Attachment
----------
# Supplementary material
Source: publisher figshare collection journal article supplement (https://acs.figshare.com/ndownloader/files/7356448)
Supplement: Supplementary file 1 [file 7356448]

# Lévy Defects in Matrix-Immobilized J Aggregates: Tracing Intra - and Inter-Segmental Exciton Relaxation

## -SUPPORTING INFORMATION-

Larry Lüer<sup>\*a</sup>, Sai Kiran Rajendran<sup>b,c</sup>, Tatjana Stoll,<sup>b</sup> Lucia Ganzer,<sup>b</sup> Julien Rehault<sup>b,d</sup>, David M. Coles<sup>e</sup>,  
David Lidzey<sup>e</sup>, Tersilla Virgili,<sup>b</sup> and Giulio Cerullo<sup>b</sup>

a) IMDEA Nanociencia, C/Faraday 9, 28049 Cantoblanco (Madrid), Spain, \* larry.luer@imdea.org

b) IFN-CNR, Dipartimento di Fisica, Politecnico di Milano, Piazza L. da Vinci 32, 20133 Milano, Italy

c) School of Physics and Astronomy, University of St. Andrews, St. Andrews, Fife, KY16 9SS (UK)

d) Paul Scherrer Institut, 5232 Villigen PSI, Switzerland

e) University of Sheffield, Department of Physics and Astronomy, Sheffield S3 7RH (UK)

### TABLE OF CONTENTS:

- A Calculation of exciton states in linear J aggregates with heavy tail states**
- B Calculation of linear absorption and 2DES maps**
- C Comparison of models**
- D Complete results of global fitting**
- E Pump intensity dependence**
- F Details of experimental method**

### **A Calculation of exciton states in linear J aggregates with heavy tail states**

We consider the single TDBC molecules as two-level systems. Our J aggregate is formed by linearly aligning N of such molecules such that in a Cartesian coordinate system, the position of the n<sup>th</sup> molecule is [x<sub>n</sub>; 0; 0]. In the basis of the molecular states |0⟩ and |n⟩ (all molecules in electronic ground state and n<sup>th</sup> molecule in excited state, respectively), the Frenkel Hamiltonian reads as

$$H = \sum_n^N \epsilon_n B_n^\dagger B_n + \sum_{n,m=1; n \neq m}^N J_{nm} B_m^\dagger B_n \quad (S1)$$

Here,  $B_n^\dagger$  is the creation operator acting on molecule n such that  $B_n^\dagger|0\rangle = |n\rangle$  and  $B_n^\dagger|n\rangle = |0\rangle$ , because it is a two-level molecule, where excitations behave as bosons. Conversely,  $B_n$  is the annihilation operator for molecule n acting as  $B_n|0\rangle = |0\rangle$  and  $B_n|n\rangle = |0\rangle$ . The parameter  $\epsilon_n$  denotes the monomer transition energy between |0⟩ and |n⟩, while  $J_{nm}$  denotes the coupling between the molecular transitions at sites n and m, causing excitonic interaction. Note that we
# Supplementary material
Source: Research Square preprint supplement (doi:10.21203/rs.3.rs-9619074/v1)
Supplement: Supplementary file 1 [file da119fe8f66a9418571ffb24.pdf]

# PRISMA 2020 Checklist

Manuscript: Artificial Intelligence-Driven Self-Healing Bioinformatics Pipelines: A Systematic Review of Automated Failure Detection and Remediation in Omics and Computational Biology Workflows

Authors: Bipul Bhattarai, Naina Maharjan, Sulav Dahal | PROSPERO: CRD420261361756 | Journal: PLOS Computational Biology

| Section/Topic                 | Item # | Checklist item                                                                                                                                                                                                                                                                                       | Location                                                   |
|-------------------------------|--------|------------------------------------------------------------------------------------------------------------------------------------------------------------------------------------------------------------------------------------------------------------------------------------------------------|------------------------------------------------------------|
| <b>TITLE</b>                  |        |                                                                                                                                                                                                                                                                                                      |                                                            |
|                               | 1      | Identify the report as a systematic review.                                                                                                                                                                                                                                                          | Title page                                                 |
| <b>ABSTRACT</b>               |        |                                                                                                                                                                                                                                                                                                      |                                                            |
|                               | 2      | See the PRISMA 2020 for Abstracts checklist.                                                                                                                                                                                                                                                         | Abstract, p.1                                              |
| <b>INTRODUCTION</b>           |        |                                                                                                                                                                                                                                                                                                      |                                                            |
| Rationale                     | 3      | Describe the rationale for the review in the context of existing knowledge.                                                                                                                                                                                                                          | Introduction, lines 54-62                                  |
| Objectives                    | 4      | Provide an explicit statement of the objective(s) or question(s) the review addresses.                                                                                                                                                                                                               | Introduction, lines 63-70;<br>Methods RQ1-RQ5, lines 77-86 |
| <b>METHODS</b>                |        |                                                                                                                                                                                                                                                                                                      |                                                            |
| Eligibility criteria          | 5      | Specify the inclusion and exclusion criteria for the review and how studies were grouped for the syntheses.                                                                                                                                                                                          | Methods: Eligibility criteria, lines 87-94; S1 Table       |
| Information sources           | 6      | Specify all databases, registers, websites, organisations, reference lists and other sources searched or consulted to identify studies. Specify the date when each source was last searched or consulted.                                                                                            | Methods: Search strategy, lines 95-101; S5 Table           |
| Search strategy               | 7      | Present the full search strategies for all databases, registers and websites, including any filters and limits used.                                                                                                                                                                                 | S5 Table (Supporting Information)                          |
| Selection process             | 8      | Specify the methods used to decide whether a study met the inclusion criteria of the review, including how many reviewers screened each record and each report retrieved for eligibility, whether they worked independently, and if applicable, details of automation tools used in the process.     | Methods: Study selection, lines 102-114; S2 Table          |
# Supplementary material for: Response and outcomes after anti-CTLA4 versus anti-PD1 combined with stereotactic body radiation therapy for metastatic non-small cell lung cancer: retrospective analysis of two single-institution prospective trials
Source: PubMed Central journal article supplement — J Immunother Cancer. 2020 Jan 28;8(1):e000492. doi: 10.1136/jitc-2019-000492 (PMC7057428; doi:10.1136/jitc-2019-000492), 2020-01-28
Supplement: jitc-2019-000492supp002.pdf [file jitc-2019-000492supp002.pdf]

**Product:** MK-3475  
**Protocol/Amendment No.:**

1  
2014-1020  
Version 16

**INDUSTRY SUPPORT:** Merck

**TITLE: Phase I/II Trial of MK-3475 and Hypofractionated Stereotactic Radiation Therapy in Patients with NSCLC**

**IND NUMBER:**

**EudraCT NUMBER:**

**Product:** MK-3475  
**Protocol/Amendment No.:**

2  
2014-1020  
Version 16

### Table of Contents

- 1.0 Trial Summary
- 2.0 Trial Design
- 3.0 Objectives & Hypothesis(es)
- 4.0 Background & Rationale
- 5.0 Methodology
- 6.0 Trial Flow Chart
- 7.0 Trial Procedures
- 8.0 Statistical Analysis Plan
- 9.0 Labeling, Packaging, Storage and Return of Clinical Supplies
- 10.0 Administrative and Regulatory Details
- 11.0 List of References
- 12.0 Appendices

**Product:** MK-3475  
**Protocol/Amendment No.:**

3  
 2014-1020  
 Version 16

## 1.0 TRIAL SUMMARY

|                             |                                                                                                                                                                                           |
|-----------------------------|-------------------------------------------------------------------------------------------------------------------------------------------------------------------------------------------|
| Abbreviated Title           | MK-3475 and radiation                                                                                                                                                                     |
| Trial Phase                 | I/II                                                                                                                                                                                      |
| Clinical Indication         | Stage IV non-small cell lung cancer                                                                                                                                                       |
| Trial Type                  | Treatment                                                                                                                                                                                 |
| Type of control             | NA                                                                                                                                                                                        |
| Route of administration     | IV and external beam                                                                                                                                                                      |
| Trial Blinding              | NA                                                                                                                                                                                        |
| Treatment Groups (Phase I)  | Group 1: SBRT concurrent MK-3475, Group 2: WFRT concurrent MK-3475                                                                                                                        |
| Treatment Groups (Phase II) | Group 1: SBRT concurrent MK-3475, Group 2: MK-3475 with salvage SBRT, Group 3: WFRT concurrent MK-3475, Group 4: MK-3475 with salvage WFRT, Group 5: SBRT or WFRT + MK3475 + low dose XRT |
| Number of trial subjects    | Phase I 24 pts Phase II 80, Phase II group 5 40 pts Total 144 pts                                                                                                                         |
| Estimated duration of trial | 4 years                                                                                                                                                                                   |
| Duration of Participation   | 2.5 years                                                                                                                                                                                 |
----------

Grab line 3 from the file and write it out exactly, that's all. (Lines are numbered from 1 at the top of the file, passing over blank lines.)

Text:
Supplement: Supplementary file 1 [file 7356448]